Entrepreneurship Award: Abhishek Sharma

The award for entrepreneurship is given to a student, or group of students, who has turned an idea into a venture that benefited others. The recipient will have demonstrated individual initiative and knowledge through awareness of markets and attention to the needs of others.

Anansa   Tori   Maddie

Michael Lowenstein Memorial Award: Anansa Benbow

This award, named for Michael Lowenstein, class of 1960 is presented to the University of Rochester River Campus undergraduate who deepens student, faculty, and community awareness of existing social, racial, or political inequities. This undergraduate through his/her words and actions has endeavored to promote the ideals which Michael cherished. Michael sought to give a fresh view of things around us, to focus upon issues, to probe deeply using fact and objectivity and to open a dialogue with the community to find some answers.

Transfer Student Award: Tori Saldivia

This award, recognizing the unique role of transfer students to the campus community, is given to a student who transferred with sophomore standing or above, and has completed a full year of study at the University. The recipient will have demonstrated a quick, successful, and seamless transition to the institution and will have taken full advantage of his or her time spent at the University.

Simeon Cheatham Award: Madeline Freeman

Established in the 1970s by the Office of the Dean of Students to recognize outstanding University of Rochester students. This award is given to a student who has outstanding qualities in devotion to community service and to growth and development of children.

SAIC

The Communal Principles Award: Students’ Association for Interfaith Cooperation (SAIC)

Established by the Office of the Dean of Students during the 2011-2012 academic year, this award is given annually to the student(s) or organization that best promote(s) the Communal Principals, as adopted by The College. These principles include Fairness, Freedom, Honesty, Inclusion, Respect, and Responsibility. One of these six principles will be highlighted annually and the recipient will have demonstrated qualities that exemplify the principles and/or created programming and activities related to this year’s Communal Principle: Inclusion.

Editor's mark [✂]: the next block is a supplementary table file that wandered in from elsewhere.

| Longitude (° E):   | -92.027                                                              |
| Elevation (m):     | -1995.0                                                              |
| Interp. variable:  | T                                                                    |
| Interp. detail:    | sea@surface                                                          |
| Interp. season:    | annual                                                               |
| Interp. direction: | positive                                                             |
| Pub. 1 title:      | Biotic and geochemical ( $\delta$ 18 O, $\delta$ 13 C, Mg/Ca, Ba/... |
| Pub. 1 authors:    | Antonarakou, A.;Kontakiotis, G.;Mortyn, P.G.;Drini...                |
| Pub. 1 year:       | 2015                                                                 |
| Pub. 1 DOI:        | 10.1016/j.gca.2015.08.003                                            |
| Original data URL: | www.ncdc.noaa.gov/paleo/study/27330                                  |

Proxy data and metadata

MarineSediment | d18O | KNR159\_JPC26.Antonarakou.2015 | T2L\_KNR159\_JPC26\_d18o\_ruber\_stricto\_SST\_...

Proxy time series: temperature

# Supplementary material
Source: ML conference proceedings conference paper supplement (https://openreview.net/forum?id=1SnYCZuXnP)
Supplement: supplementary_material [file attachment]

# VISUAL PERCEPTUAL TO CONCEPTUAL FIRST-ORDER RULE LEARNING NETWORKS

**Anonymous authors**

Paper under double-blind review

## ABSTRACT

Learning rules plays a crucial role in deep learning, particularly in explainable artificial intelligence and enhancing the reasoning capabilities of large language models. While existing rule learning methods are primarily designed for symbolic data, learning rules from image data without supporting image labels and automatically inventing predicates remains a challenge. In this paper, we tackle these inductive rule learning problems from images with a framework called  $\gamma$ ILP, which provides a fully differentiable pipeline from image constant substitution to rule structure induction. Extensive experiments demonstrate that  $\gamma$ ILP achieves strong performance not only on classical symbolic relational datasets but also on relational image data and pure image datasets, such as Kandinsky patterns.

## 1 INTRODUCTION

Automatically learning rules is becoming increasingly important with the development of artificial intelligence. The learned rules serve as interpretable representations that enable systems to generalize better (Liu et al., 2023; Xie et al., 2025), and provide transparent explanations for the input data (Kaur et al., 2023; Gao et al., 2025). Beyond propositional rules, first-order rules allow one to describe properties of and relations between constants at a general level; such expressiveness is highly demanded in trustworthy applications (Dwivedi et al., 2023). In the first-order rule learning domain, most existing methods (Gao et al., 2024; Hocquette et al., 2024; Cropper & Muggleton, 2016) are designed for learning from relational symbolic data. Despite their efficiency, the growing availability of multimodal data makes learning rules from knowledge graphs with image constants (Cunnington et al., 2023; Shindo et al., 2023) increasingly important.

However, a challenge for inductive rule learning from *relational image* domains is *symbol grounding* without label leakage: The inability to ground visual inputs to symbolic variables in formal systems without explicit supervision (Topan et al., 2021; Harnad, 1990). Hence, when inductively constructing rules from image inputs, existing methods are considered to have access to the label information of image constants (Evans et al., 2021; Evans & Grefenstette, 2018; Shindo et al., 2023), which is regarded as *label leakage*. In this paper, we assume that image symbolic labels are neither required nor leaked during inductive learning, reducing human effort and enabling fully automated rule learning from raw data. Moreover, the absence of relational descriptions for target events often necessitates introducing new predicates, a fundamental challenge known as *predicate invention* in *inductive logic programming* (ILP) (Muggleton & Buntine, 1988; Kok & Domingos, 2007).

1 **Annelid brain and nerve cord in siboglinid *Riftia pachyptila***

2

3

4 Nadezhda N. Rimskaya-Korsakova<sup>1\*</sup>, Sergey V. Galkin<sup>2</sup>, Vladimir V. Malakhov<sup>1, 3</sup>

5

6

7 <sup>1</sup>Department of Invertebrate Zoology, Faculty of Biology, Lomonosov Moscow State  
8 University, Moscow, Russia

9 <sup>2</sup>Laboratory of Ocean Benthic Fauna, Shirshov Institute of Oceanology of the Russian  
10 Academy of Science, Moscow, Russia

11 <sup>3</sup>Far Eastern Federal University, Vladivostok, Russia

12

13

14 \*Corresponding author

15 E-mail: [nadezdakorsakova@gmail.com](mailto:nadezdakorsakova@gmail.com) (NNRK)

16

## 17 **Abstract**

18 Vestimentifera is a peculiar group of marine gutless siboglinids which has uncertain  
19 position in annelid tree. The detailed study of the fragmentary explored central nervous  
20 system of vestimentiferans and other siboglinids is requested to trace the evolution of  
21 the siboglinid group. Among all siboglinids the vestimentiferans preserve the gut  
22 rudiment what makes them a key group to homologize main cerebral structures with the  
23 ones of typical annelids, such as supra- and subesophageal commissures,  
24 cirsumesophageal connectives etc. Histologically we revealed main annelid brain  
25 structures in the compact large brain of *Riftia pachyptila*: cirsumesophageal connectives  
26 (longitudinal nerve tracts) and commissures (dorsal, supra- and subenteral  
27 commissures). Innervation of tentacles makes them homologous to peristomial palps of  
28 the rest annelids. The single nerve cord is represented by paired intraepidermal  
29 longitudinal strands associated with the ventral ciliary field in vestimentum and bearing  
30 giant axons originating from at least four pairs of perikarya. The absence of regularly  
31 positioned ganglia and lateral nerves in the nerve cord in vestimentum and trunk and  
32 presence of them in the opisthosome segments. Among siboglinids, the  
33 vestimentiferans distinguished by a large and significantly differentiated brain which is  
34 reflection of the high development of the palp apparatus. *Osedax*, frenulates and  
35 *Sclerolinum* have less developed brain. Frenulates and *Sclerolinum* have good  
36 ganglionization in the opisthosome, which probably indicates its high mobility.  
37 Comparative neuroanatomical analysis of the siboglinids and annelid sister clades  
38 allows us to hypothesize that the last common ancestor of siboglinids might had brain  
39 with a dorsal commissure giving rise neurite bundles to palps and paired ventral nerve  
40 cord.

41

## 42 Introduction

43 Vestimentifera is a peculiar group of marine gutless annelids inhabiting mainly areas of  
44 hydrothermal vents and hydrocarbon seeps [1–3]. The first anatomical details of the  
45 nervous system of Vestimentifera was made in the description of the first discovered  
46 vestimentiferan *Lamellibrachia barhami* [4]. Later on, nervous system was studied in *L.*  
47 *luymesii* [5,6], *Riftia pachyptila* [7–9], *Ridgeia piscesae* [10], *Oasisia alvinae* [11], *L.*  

Student Organization and Programming Awards:

Excellence in Programming: Eastman Freshman Class Council

This Excellence in Programming Award recognizes a student organization or group, either formal or informal, for its exceptional creativity, planning, and execution of a University program. Criteria upon which decisions are based include appeal to a broad cross-section of the University community, originality, and participation by members of the organization during all phases of the effort.

Outstanding Student Organization Award: Active Minds

Awarded to a student organization that has gone beyond the bounds of their membership by helping to create a positive campus environment for all students.

Award for Excellence in Creative Co-Sponsorship: Sigma Delta Tau Sorority

Established in 2004, the Award recognizes a program that was co-sponsored by a minimum of two organizations or groups. The cosponsored program should have been a new effort, one that brought together different facets of campus, and which served to build and strengthen the campus community.

Senior honors thesis breaks barriers

“Family, Professors, and society are pressuring you to do well [in college], whatever that means, but from ages 18 to 22, you’re also developing tremendously; the brain doesn’t stop developing our behavior until age 25. This is a very crucial part of our lives, but no one talks about it.”

Marz Saffore ’15 sought to rethink convention and challenge the status quo with her senior honors thesis show, “Erasing Hierarchies.” Saffore said, “I wanted to create a space where people felt they could talk about [differences], but not feel like they were alone in talking about it… I created a project where everyone was talking about it.” As one of the subjects of the film, attending the premier certainly prompted me to reconsider many of the ideas I previously had about the way I interact with others. Based on the reactions of those in the audience, this reaction was widely shared. Overall, “Erasing Hierarchies” was a keen-eyed tour de force; a window into what deeply unites humanity in spite of our external differences.

According to Saffore, seeing last year’s honors senior thesis show, by Lauren Blair ’13/T5, inspired her to undertake one of her own. Blair revived the program’s honors track, which involves taking three extra classes in the Art and Art History Department, and writing a 15-page paper, in addition to the honors thesis exhibition. Saffore decided the summer after she saw Blair’s show to switch onto the honors track. “In the summertime, I emailed my adviser,” Saffore recalled, “I told her, ‘I want to switch over, right now!’ Then I did, and as of right now, the honors program is officially revived; there’s someone else in the Class of 2016 who’s doing it.”